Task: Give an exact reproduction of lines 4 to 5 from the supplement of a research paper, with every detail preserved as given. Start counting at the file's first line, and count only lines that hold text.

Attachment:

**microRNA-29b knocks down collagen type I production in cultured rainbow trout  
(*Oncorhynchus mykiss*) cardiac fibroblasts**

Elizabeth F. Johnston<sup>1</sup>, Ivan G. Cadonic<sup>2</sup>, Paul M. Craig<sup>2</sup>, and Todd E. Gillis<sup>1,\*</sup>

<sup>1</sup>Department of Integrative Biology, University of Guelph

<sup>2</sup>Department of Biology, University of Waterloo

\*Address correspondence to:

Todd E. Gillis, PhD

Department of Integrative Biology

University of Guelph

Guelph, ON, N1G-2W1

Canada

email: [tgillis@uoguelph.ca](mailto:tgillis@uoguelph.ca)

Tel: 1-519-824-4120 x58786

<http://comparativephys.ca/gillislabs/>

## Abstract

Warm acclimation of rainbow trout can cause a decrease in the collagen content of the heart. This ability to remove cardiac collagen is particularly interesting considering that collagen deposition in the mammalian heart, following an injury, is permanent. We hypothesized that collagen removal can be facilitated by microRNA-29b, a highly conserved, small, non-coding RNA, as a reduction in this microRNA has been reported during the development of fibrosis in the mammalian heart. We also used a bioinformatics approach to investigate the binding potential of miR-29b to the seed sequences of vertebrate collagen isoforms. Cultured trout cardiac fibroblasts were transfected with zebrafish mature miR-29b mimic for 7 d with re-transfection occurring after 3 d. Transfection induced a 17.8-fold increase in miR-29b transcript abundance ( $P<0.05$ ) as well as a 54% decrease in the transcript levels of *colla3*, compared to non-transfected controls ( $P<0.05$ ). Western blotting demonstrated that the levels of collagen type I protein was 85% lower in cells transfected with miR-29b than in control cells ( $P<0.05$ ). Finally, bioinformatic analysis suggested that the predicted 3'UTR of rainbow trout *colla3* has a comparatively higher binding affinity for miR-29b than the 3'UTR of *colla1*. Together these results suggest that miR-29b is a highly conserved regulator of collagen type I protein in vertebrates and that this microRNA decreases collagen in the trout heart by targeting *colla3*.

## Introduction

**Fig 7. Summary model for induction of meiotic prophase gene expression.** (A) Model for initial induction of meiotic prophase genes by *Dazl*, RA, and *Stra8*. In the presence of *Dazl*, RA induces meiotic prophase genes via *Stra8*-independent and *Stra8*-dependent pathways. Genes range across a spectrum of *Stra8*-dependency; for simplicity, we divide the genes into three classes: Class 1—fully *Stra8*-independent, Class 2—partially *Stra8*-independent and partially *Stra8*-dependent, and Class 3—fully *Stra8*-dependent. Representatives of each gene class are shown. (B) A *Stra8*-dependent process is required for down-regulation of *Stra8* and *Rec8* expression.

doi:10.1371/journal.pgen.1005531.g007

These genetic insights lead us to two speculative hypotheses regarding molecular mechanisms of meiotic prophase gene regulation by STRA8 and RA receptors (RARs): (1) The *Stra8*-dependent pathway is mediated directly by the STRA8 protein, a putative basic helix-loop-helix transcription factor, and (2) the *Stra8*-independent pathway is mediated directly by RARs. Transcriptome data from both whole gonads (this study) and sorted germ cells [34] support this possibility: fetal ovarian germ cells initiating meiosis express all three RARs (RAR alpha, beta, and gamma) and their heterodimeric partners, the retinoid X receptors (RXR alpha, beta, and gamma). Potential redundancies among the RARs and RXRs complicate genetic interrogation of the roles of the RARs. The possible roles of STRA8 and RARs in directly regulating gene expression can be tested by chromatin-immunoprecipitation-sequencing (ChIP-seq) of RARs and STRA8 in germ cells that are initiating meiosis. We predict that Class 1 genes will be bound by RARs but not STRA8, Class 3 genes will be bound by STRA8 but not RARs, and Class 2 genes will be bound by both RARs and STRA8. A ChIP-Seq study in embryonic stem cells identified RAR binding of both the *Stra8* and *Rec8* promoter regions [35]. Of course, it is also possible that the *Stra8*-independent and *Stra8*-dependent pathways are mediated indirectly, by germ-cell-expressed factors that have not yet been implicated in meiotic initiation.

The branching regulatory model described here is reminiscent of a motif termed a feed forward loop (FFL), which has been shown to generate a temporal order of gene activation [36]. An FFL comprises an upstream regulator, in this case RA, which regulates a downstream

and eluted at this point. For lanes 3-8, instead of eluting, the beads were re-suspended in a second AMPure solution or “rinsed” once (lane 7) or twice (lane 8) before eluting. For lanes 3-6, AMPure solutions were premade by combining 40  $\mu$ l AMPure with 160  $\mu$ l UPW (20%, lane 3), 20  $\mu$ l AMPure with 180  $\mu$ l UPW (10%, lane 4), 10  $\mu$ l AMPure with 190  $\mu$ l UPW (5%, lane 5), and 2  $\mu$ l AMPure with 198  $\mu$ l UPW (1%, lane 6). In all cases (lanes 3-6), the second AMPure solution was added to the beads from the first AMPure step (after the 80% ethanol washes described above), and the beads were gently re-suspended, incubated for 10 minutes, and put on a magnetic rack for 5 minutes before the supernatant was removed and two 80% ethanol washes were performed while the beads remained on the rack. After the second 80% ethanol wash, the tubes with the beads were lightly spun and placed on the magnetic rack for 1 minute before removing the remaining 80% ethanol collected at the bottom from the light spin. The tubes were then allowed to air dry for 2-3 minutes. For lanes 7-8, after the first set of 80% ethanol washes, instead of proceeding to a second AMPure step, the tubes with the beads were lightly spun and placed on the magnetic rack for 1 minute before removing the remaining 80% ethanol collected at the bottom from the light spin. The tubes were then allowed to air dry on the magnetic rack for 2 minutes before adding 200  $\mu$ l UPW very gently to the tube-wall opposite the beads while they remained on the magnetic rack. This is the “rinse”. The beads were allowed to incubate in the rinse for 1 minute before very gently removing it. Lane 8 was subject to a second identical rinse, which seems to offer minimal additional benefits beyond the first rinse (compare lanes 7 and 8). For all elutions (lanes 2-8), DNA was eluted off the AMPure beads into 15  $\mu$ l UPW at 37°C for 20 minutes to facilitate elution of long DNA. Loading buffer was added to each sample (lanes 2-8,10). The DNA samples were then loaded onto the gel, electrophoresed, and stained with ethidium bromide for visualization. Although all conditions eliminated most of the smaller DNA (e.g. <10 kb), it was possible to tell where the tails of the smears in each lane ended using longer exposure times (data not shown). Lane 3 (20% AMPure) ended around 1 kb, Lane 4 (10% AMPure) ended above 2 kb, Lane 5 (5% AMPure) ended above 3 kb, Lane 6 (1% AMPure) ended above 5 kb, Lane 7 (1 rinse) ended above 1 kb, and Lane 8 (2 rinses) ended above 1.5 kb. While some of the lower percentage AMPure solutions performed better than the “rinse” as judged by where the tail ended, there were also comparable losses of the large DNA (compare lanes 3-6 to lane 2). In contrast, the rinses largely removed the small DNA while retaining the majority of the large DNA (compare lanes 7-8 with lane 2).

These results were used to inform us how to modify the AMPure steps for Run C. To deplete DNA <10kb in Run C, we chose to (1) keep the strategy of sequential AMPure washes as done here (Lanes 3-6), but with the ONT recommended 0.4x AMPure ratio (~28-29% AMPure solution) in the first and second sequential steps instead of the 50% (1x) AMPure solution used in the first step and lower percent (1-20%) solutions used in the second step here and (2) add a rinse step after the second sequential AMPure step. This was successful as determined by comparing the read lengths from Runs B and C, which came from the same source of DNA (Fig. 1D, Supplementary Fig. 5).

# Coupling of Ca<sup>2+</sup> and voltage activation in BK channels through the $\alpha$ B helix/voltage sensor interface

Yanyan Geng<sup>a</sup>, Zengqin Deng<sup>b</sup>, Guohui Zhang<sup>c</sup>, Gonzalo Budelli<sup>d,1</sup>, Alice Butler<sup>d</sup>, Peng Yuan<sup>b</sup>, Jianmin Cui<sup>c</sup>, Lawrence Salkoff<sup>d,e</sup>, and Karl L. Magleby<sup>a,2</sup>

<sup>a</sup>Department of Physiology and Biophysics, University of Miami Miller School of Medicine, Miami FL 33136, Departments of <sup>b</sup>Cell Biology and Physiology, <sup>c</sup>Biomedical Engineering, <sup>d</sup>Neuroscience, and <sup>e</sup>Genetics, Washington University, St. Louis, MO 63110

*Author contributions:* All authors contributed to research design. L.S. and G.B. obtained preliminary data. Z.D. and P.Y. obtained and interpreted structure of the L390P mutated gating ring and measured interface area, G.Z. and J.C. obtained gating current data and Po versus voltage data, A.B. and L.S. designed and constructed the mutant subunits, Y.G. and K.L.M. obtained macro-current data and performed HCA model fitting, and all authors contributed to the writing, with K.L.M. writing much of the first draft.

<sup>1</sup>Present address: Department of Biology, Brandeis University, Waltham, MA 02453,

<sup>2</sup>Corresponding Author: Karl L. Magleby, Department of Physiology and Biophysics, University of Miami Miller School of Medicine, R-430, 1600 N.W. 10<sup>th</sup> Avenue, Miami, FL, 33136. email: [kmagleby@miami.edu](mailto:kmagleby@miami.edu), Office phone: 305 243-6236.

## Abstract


<sup>1</sup>Department of Integrative Biology, University of Guelph

<sup>2</sup>Department of Biology, University of Waterloo